In Europe, people do not just read satirical newspapers and magazines. Europeans support these publications. This is the reason why magazines such as Charlie Hebdo flourish.
In Switzerland, there is a satirical newspaper called Vigousse founded by Thierry Barrigue, a renowned editorial cartoonist.
Today, the newspaper employs 12 cartoonists, including Philippe Baumann, the featured visiting cartoonist of The Manila Times. The 30-year old Swiss cartoonist is in the country as a “Cartooning for Peace” participant.
Born in 1984, Baumann loves to draw as a young boy. When he grew up, he knew he wanted to take drawing seriously as a profession. That’s why he took up a cartooning course at the Belgian Comics and Art School.
After drawing for some time for a “fanzine,” a non-professional publication produced by fans of a particular cultural phenomenon, Baumann tried to approach Vigousse.
“I’ve been drawing for newspapers for four years. I started with the satirical newspaper Vigousse, which is also quite new. It is the only satirical newspaper in Switzerland, and we have 12 cartoonists working for it,” he said in an interview with The Manila Times on Wednesday when he visited the Times’ Intramuros office.
“It is the initiative of an established cartoonist in Switzerland named Thierry Barrigue, who wanted to give more space for cartoonists [who want to showcase their drawings],” he added.
Asked what topics fascinate him as a cartoonist, Baumann replied: “I don’t have a specific topic that I am required to draw because [in Vigousse]we are all free [to draw what we want].” Still, he said that he usually focuses on political and social issues in Switzerland and around the globe.
He showed us one of his recently published cartoons, a picture of the Islamic State reacting to the Nepal earthquake.
His message, like the wrath of Mother Earth, is that the IS could also kill thousands of innocent people and destroy important historical establishments in just a few minutes. His drawings, however, convey a serious message with a tint of humor.
What inspires him to draw? The Swiss cartoonist replied: “I listen to the news.” He added that it usually takes about an hour and half for him to finish a cartoon. He spends more time trying to get the idea for the cartoon.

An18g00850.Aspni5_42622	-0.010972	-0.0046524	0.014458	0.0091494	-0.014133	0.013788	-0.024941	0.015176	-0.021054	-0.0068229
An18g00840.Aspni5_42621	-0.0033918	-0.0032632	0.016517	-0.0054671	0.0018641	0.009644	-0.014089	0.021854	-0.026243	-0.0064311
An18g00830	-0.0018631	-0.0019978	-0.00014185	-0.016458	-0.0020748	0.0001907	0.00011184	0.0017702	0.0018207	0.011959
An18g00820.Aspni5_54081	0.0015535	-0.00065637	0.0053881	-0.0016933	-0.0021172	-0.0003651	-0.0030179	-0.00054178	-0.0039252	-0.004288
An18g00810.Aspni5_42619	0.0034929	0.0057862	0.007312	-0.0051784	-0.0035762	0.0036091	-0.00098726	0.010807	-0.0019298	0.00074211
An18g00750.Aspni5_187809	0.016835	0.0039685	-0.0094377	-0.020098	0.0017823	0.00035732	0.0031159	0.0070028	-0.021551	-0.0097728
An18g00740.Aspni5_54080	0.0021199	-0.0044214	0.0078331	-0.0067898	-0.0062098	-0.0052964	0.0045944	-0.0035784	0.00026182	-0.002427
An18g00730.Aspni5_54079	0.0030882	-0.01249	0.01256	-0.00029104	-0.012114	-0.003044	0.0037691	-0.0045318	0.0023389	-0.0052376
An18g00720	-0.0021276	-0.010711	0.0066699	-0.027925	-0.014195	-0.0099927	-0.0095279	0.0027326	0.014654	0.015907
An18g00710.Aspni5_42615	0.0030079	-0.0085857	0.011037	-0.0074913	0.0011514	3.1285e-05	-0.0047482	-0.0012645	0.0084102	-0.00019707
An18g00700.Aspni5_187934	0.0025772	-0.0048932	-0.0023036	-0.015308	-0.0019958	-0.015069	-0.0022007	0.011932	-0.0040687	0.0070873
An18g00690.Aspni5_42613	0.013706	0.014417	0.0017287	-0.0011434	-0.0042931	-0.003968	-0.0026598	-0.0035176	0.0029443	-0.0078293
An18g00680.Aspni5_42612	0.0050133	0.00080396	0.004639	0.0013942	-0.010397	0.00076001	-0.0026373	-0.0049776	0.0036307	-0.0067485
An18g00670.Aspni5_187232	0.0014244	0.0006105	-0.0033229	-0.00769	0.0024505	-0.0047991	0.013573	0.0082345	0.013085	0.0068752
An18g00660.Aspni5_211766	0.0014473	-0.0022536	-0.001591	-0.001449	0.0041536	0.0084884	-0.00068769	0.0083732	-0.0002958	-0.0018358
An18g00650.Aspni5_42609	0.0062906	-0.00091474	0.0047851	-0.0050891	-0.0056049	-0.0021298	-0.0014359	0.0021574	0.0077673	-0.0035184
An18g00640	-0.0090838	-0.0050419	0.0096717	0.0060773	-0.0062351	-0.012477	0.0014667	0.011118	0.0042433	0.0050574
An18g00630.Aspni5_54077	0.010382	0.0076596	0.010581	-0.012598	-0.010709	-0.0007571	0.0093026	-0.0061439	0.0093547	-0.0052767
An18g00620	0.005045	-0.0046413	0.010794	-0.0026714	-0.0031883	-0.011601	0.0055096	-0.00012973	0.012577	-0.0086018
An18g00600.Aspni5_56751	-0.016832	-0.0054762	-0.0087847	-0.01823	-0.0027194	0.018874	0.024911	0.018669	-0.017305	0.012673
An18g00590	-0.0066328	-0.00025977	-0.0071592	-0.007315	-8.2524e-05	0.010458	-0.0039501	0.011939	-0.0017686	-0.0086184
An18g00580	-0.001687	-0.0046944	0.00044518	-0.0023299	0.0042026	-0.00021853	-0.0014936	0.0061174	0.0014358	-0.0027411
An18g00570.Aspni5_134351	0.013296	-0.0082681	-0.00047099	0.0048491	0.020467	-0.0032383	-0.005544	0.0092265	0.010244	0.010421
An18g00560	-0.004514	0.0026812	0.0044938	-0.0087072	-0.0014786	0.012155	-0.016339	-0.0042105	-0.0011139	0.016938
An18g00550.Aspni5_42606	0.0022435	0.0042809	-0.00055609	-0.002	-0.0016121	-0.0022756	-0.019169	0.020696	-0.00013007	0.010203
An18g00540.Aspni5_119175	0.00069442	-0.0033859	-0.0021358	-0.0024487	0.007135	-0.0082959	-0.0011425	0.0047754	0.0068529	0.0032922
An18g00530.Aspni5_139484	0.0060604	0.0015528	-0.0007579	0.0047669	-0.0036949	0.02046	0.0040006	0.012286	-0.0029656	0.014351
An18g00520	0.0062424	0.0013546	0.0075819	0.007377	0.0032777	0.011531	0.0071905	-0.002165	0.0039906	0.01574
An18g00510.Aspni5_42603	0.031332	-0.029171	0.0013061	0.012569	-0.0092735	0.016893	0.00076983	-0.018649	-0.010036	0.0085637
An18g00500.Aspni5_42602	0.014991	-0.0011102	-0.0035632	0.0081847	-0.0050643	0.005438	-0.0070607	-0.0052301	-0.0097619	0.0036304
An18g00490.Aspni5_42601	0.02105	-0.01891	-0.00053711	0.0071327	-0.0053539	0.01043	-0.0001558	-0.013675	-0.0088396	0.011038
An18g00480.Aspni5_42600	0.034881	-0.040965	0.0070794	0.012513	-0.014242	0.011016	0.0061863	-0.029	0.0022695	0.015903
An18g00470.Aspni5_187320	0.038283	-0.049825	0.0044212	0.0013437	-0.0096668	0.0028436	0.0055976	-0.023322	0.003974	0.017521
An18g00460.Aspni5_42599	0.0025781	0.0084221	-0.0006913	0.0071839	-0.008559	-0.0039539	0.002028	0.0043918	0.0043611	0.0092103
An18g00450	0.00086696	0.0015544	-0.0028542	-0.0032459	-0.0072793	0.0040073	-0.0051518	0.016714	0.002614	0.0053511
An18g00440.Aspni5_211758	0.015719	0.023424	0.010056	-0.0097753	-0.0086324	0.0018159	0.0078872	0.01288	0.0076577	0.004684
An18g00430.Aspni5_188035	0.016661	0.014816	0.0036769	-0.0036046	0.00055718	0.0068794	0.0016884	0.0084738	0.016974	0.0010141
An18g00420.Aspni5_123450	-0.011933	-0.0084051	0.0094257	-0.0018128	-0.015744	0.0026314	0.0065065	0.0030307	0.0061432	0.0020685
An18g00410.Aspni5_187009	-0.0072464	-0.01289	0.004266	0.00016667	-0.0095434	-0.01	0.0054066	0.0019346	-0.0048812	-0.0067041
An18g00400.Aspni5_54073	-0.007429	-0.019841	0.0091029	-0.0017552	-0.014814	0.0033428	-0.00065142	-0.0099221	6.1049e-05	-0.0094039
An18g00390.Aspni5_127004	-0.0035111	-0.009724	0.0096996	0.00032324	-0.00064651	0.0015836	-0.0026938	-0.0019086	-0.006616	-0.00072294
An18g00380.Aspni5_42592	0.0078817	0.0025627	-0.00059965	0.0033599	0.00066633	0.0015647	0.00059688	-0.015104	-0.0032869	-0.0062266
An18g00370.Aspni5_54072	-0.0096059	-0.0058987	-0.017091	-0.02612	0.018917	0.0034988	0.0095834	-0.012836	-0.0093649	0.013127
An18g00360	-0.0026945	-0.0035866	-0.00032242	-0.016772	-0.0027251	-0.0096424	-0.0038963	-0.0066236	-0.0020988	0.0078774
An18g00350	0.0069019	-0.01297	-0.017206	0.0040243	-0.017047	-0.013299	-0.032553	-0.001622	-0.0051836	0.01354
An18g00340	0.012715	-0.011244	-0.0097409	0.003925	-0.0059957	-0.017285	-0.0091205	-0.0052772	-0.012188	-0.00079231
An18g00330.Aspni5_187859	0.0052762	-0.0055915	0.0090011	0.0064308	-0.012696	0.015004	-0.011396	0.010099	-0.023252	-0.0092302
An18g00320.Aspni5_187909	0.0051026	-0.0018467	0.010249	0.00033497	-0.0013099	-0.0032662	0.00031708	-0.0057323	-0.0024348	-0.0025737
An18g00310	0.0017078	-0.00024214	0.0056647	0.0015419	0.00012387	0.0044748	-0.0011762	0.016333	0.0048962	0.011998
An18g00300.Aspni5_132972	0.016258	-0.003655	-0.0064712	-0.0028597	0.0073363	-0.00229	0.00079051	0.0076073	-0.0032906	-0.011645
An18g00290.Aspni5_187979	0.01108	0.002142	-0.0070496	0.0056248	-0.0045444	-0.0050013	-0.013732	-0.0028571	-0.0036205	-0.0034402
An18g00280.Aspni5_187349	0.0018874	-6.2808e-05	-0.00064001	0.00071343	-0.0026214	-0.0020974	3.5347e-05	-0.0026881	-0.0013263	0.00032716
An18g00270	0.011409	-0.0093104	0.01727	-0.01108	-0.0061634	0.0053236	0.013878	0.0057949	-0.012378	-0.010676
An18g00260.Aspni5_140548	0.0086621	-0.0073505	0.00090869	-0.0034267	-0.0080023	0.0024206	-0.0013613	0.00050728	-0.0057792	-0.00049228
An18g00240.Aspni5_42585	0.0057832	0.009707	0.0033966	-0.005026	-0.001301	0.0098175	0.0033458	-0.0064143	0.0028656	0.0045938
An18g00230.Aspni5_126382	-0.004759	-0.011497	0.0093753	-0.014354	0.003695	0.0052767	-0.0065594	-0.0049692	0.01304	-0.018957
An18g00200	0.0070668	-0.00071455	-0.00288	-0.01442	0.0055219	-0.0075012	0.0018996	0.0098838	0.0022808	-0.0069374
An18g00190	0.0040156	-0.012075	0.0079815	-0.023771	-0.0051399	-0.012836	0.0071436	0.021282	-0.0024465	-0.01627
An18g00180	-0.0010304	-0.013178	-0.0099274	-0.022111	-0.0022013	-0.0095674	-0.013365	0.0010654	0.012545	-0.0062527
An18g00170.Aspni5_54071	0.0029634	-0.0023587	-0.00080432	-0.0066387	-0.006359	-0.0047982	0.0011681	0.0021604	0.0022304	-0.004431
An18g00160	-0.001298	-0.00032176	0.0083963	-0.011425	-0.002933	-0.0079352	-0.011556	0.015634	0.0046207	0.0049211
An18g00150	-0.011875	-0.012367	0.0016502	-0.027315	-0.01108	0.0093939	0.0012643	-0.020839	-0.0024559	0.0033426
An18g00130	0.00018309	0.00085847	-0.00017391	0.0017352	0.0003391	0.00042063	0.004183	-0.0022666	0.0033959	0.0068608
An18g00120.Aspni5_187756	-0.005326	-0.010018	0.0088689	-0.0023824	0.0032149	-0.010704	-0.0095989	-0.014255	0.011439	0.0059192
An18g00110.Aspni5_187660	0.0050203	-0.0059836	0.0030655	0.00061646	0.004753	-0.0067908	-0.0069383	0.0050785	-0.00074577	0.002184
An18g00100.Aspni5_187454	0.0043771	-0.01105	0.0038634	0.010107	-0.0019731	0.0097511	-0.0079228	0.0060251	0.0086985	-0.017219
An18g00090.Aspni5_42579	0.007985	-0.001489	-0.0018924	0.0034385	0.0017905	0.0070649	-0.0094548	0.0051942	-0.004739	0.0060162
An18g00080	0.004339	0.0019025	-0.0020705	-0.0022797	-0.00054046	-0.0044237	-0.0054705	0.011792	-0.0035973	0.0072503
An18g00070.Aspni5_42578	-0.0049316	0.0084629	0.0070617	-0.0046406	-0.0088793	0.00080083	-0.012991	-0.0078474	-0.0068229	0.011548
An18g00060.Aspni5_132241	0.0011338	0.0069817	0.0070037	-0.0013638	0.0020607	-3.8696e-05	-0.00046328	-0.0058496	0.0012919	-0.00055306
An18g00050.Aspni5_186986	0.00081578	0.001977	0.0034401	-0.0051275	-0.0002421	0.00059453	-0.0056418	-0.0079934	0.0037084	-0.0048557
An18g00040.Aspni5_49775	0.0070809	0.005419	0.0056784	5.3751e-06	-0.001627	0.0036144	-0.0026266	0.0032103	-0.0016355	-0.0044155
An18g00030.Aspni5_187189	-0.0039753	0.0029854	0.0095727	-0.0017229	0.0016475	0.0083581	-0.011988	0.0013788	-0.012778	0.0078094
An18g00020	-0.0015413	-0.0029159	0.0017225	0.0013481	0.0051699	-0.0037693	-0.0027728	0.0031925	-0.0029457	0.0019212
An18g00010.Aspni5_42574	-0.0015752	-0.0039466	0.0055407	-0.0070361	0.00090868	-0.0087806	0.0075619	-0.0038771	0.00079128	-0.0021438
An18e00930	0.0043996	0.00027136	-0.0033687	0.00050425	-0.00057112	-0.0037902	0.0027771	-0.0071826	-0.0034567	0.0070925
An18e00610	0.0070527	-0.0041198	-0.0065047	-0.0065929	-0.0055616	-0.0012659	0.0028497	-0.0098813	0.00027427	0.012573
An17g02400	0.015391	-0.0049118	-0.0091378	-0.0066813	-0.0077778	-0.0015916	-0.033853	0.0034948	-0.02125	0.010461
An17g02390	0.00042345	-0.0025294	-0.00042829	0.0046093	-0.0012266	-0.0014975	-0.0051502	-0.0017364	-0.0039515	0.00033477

As a communicator who uses images to convey a message, Baumann said his cartoons are sometimes misunderstood. “In Switzerland, when people are not happy with my cartoon, I can explain it to them. But because I also share my cartoon in
Facebook, it reaches other places outside my country,” he said.
And because people outside Switzerland do not understand the background or perspective of his drawing, they sometimes fail to get the message.
“But it is the game,” he noted, adding that he does get criticisms from people who disagree with what he draws. “People react and that’s the game.”
Baumann condemned the attack on France’s Charlie Hebdo, where the magazine’s editor in chief, Stéphane Charbonnier, was killed, along with veteran cartoonists Jean Cabut, Philippe Honoré, Bernard Verlhac, and Georges Wolinski.
“They [the people in Charlie Hebdo]are in a process of defending something: liberty of speech. But I don’t know them personally so I cannot speak for them,” he said.
He also clarified that his works are different from that of Charlie Hebdo’s. He said, “I am not the one who will draw the Prophet Mohammed just to draw him. It’s my personal opinion and he is not my kind of cartoon.”
Baumann noted that Vigousse takes a more traditional style of satire. Besides the cartoons, the newspaper also publishes serious and informative stories submitted by contributors.
Asked what advice he could give to young and aspiring cartoonists, he replied: “It’s complicated to do cartoons so they have to have perseverance. It’s hard to be a cartoonist because there are very few places for employment. Still, they must be interested, and more importantly, they have to be ‘reactive’ [to what is happening around them],” Baumann said.
Besides Vigousse, Baumann also draws comic strips of Swiss political figures in SEPT.info.
With a report from Cath Talavera